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Tuberculosis (TB) is a bacterial infection, it is spread through inhaling tiny droplets of saliva from the coughs or sneezes of an infected individual. TB mainly affects the lungs,however, the infection can spread to other parts of the body, including the bones and nervous system.

Before antibiotics were introduced, TB was a major health problem in England. Nowadays, there is a vaccination called The Bacillus Calmette-Guérin vaccine, also known as the BCG vaccine. However, in the last 20 years TB cases have gradually increased and in 2009, 9,040 cases of TB were reported in the UK. Most of these occurred in urban centres, with over one-third of cases in London.


3 things can happen to your immune systems if you are infected with TB:

  • Your immune system kills the bacteria and you have no further symptoms.
  • Your immune system can’t kill the bacteria but it manages to build a defense barrier around the infection meaning you’ll have no symptoms and you’ll remain infected. This is called latent TB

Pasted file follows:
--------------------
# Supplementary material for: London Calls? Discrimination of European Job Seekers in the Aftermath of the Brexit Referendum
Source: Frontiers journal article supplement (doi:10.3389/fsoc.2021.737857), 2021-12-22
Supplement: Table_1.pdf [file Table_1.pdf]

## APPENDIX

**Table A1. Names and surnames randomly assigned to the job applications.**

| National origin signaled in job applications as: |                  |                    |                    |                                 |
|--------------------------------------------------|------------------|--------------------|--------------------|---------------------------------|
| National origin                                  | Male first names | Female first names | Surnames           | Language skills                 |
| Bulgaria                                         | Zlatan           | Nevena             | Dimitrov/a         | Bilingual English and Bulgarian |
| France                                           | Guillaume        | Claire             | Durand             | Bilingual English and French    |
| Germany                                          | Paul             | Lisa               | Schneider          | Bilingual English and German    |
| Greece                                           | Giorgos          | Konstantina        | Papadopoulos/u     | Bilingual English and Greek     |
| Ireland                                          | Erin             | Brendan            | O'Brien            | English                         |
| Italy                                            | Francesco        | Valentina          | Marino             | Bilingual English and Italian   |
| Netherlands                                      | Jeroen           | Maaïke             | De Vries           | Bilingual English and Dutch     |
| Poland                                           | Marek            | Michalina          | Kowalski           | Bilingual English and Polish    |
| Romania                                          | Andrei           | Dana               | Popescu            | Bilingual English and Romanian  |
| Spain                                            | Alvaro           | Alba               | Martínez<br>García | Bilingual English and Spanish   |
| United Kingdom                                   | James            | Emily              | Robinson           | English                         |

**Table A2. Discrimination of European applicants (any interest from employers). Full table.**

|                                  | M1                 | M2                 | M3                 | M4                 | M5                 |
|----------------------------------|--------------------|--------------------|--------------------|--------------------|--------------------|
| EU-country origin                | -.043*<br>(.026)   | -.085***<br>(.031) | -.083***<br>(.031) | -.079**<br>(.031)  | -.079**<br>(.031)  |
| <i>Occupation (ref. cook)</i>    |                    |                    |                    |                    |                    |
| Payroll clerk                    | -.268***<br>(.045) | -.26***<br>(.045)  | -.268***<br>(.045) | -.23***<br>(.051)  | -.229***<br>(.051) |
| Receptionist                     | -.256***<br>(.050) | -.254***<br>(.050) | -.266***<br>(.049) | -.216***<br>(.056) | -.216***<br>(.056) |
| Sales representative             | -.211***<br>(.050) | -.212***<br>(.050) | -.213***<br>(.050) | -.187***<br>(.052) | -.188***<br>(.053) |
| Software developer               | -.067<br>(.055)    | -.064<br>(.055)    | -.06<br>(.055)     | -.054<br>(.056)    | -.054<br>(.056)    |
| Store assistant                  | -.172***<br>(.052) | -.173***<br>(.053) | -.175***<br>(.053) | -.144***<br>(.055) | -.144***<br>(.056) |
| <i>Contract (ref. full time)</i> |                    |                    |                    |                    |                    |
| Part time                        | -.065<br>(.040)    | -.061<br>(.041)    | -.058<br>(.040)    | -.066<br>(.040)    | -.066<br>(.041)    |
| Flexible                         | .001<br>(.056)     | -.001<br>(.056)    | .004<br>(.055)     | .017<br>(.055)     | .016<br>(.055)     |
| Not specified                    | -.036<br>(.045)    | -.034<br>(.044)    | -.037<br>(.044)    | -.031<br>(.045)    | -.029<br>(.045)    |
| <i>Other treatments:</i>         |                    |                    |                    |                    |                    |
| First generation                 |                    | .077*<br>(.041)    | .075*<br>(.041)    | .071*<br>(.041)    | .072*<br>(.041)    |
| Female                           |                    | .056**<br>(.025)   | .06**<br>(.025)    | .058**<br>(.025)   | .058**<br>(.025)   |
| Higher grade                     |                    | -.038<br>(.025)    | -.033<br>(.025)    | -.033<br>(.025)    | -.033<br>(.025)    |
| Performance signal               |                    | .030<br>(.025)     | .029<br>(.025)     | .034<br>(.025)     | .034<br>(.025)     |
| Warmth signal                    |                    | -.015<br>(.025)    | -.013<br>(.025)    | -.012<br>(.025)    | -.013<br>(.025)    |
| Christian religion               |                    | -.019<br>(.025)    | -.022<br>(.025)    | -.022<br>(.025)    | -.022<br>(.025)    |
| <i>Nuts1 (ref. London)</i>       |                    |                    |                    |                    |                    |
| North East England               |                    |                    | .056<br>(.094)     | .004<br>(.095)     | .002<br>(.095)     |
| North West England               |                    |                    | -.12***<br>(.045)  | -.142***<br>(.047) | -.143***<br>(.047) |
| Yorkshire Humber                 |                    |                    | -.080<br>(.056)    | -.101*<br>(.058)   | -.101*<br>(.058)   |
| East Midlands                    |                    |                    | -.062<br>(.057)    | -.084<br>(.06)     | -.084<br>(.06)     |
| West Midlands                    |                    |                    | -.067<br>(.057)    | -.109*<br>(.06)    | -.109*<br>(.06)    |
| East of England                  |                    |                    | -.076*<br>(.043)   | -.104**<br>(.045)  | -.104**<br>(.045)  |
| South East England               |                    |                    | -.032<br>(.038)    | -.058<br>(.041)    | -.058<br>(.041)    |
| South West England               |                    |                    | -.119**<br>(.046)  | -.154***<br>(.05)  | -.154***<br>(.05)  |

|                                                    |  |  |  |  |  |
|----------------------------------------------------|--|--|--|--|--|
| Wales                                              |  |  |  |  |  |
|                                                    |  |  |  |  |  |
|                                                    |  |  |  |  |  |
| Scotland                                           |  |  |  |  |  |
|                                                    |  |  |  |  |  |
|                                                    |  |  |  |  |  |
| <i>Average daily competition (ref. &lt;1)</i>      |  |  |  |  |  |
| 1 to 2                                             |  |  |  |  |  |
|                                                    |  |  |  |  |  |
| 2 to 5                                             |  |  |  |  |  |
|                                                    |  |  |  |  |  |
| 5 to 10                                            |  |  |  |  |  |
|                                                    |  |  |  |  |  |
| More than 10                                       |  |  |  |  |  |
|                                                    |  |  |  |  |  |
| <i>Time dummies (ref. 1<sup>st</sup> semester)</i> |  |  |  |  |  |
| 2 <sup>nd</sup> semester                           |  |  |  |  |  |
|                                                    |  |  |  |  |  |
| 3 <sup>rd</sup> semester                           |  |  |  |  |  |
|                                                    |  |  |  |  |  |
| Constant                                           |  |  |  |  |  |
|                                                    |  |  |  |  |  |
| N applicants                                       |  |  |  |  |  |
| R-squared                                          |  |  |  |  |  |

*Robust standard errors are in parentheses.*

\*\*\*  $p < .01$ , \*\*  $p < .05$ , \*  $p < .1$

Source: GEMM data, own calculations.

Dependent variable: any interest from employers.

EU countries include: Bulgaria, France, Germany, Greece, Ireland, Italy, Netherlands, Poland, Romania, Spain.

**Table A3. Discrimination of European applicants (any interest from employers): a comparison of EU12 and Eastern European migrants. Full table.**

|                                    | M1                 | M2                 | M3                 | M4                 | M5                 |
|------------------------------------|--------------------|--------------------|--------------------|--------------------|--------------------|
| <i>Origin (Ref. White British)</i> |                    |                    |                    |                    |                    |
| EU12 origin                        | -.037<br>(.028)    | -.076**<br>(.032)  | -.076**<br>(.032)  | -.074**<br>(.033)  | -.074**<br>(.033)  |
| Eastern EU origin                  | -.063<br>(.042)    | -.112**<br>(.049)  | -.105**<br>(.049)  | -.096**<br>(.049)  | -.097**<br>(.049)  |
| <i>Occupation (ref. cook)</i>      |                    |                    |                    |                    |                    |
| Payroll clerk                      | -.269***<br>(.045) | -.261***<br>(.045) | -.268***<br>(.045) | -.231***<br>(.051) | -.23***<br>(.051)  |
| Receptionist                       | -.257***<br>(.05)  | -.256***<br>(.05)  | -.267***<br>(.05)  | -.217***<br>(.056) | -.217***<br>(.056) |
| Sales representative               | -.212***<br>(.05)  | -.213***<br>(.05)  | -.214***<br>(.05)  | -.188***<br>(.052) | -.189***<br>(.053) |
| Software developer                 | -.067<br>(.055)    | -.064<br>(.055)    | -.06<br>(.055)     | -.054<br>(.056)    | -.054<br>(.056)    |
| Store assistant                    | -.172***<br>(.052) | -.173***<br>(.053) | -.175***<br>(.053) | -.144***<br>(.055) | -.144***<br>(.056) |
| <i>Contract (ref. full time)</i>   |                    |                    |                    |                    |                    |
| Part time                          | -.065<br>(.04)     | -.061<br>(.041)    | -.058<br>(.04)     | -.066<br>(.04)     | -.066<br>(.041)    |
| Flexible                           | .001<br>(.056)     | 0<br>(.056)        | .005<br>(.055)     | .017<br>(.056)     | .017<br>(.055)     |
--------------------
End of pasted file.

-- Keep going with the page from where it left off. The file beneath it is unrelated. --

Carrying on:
• Your immune system can’t kill or contain the bacteria and it slowly spreads to your lungs,this is called active TB.

Typical symptoms of TB include:

  • A persistent cough that brings up thick phlegm, which may be bloody
  • Breathlessness, which is usually mild to begin with and gradually gets worse
  • Weight loss
  • Lack of appetite
  • A high temperature of 38C (100.4F) or above
  • Extreme tiredness
  • A sense of feeling unwell

Always see your GP if you have a cough that lasts for more than three weeks or if you cough up blood.


If it is not treated, an active TB infection can be fatal. It can damage the lungs to such an extent that a person will not be able to breathe properly. With treatment, TB can usually be cured but most people will need to take a long-term course of antibiotics, which usually lasts for at least 6 months.

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This website contains general information about medical conditions and treatments. The information is not advice, and should not be treated as such. Please read our medical disclaimer.